This makes sense to me. I can pull out that Goethe wrote Faust, supposedly one of the hardest general-knowledge questions even if I am sick, distracted, or drunk. The more difficult matrices require you to stop what you are doing and focus, mentally rechecking your work at each turn. I might do differently on different days. I believe the simple answer "Goethe" is considered just fine, BTW. Which would have been great for me as an undergrad, because I could never remember which one was Johan Wolfgang and which one was Karl Friedrich (Gauss). But it illustrates why the IQ societies say that such tests don't have sufficient ceiling for their purposes. The hardest individual questions don't differentiate between IQ 125 and 175 very well.

Wednesday, August 09, 2023

Another Human Variant

 A Human Lineage Discovered In China's Fossil Record? If you click through to the paper, you will see that not everyone agrees it's a new lineage.  Some say it could be an unusual homo erectus, others that it could be an eastern variant of Neandertal, and others that it could be an unusual Denisovan. So while it isn't time to get excited over a new variant yet, it is one of the possibilities.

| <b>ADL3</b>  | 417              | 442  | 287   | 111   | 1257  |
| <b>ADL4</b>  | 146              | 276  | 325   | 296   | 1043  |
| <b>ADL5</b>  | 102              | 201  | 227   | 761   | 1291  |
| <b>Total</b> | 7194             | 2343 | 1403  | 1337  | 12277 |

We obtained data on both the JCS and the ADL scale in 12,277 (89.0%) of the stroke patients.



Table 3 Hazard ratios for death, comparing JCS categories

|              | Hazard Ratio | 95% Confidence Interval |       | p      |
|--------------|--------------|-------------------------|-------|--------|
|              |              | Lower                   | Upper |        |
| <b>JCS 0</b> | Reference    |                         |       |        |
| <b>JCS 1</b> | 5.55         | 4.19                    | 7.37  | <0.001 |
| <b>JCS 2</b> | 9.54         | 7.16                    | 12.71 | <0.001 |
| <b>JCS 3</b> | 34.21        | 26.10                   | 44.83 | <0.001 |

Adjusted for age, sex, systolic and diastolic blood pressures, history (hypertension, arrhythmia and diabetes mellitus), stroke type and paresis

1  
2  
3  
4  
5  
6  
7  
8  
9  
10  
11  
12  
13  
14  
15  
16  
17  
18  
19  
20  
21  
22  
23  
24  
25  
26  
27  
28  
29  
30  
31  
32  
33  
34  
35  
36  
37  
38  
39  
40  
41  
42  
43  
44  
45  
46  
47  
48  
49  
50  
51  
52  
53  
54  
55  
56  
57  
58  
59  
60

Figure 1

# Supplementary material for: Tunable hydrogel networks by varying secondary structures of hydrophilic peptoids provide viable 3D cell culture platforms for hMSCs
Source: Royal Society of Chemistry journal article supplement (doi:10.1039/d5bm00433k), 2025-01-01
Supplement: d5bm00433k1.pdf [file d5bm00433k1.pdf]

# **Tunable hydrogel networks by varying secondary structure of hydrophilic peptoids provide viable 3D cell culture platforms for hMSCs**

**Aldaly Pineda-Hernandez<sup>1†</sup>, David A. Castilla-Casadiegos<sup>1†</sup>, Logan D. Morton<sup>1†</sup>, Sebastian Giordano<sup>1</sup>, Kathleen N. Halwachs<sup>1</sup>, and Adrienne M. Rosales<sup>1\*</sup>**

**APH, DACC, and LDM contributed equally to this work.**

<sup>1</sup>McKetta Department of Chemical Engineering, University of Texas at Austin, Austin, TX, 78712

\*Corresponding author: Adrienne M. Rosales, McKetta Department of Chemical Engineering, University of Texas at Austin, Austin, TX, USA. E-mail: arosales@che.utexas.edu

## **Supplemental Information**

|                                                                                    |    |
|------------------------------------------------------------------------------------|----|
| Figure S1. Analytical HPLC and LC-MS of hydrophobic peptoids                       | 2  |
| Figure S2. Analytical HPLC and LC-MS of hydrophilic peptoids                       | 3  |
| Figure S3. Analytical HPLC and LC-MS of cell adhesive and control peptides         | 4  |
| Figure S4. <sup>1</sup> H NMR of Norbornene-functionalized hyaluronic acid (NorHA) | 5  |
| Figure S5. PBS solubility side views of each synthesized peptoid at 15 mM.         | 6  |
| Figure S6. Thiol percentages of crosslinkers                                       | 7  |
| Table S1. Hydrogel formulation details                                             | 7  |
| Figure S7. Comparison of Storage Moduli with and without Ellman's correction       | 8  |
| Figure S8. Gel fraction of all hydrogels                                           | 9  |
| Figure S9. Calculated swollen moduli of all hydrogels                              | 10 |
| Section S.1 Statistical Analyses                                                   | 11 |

And whatever this is, it's not like the others.

Tuesday, August 08, 2023

Political Atheism

Rob Henderson links to an article by Luke Burgis about Rene Girard, Culture War as Imitation Game. As the article suggests, I am hearing more and more about Girard and his idea of Mimetic Desire, the almost-automatic influence that others have on us to want the same things that we see them wanting. I know nothing about Burgis other than that he wrote a book about Girard and seems to have already lived an interesting life.  His site has numerous links to people I never heard of who seem to be thinking interesting things, and Burgis writes well.  His book, Wanting: The Power of Mimetic Desire in Everyday Life looks interesting, but I haven't read it.

Girard also identified mimetic rivalry, the desire to separate oneself from our competitors for status by standing in opposition to them. 

A recent Pew survey shows that majorities of both Republicans and Democrats consider negative sentiments about the other political party to be a “major reason” for their own affiliation.